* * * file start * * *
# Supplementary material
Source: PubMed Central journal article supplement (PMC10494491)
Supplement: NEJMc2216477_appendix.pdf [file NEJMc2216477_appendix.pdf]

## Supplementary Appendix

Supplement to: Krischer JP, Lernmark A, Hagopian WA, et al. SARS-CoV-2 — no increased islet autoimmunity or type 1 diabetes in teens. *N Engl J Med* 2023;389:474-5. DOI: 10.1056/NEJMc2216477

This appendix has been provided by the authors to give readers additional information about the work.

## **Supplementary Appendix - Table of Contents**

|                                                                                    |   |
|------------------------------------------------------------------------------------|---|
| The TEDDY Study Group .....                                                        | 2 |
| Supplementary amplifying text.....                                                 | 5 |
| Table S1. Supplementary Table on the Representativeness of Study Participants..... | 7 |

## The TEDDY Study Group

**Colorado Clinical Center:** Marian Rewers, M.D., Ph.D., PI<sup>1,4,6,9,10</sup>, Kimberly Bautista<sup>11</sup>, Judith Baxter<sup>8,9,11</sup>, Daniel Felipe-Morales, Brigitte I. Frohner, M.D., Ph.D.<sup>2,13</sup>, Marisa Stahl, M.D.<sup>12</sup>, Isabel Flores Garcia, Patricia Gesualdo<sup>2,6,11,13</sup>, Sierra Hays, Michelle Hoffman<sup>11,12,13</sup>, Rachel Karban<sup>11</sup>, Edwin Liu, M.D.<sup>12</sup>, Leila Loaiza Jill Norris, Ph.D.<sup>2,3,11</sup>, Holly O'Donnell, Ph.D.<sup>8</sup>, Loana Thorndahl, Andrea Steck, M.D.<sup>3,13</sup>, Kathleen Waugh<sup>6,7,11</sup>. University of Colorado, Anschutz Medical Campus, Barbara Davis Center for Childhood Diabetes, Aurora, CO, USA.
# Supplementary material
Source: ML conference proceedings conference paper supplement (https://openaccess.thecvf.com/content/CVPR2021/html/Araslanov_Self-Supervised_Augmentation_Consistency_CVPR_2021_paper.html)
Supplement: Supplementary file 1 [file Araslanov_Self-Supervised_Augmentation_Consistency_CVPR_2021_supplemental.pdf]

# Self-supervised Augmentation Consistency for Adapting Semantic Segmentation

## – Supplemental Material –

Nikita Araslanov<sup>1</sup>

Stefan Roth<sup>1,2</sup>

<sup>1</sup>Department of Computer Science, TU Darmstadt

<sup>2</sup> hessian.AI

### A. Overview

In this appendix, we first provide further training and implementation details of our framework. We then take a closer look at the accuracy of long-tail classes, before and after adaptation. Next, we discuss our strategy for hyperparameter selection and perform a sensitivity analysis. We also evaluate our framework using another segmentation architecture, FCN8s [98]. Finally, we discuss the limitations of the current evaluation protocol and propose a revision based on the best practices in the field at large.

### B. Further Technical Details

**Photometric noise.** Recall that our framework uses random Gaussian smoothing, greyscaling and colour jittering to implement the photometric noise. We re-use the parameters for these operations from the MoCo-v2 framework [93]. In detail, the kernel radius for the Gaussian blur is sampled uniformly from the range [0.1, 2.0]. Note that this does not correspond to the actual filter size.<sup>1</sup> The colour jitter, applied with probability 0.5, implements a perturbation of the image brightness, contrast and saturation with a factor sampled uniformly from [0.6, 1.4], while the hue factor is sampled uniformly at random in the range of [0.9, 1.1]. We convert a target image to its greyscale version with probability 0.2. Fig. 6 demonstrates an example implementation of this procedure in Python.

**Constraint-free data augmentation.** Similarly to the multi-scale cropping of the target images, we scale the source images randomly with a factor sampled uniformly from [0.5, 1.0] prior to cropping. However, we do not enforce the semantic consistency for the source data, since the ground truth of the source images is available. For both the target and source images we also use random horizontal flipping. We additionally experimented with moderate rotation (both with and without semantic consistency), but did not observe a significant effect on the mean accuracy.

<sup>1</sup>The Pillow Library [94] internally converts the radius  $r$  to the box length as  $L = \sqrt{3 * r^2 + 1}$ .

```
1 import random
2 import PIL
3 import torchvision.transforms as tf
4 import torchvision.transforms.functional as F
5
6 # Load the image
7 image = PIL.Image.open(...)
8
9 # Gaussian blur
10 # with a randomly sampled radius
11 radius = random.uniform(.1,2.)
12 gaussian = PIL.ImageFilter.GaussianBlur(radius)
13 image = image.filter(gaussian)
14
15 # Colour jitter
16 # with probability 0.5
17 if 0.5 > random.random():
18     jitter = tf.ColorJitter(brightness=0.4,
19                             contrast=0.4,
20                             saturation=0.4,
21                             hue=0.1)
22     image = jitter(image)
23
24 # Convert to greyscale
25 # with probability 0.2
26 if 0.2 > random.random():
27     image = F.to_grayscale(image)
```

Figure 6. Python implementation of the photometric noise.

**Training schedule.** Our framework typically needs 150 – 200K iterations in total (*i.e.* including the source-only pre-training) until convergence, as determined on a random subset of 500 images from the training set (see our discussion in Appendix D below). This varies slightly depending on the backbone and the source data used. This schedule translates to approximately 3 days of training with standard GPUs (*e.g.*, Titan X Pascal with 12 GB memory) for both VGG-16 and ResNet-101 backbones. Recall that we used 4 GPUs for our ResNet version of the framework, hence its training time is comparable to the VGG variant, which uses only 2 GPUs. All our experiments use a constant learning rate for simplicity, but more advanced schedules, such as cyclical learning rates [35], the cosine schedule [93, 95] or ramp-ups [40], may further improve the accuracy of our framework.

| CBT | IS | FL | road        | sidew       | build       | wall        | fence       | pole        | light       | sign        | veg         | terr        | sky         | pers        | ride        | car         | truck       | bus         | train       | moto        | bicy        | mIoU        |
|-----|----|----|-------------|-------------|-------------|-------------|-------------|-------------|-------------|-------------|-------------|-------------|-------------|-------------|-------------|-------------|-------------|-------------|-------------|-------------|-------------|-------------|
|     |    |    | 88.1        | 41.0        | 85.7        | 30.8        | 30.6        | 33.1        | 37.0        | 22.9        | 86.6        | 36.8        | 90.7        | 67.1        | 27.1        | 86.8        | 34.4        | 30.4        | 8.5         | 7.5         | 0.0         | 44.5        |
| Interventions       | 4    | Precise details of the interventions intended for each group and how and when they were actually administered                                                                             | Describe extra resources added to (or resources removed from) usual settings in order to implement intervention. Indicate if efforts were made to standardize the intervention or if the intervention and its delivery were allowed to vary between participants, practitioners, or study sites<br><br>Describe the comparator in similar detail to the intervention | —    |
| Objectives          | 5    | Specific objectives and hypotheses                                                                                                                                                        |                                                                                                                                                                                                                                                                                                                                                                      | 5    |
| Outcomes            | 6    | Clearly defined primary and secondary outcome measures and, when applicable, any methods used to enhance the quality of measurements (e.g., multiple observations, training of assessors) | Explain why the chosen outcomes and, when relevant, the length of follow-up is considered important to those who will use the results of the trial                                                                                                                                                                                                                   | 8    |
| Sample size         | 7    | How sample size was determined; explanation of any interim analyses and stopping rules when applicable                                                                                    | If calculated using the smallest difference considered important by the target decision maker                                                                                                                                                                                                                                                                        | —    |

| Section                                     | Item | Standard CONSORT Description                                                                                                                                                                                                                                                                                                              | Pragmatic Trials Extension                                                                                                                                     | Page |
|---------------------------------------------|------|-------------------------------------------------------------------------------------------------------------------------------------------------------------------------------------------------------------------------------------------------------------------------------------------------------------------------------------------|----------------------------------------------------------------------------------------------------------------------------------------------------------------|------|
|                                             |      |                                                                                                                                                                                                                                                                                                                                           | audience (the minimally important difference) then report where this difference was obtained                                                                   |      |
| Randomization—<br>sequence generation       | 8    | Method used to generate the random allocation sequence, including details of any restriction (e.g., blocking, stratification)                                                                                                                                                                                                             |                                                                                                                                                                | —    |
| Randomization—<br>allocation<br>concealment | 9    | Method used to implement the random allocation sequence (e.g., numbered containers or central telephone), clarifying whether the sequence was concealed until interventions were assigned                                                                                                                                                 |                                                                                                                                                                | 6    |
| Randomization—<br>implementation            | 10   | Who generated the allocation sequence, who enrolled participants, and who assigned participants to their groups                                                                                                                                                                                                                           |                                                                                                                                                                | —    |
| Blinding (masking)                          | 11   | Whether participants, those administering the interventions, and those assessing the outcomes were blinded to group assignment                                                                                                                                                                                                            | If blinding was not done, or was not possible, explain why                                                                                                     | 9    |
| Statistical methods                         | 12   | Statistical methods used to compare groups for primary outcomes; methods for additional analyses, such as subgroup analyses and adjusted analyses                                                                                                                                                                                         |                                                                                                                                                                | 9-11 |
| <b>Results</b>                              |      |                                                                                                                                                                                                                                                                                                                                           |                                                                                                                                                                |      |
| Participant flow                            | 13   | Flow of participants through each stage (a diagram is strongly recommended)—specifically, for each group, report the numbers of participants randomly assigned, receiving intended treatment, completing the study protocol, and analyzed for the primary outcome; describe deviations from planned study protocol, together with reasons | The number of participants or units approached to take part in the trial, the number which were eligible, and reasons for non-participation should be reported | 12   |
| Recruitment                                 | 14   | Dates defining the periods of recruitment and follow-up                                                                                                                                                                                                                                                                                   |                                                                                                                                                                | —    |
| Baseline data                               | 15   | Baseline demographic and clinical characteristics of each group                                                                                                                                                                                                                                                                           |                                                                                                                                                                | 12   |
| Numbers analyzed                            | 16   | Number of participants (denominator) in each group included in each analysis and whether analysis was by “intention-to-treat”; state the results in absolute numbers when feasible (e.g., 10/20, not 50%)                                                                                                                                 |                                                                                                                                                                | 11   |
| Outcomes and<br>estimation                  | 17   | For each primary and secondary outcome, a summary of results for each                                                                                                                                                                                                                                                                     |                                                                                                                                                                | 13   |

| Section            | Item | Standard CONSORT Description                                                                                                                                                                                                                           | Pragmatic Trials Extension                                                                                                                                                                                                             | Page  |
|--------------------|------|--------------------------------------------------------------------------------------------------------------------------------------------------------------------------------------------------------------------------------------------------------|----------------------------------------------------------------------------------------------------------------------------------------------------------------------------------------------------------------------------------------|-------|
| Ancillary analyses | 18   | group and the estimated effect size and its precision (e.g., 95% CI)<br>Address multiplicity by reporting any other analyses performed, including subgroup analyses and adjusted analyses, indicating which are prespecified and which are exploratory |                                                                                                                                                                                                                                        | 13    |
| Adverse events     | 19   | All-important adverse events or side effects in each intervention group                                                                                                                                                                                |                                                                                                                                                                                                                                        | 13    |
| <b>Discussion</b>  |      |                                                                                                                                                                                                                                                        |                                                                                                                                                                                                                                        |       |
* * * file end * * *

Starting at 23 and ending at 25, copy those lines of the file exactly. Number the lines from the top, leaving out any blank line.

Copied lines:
<sup>2</sup> hessian.AI

### A. Overview

In this appendix, we first provide further training and implementation details of our framework. We then take a closer look at the accuracy of long-tail classes, before and after adaptation. Next, we discuss our strategy for hyperparameter selection and perform a sensitivity analysis. We also evaluate our framework using another segmentation architecture, FCN8s [98]. Finally, we discuss the limitations of the current evaluation protocol and propose a revision based on the best practices in the field at large.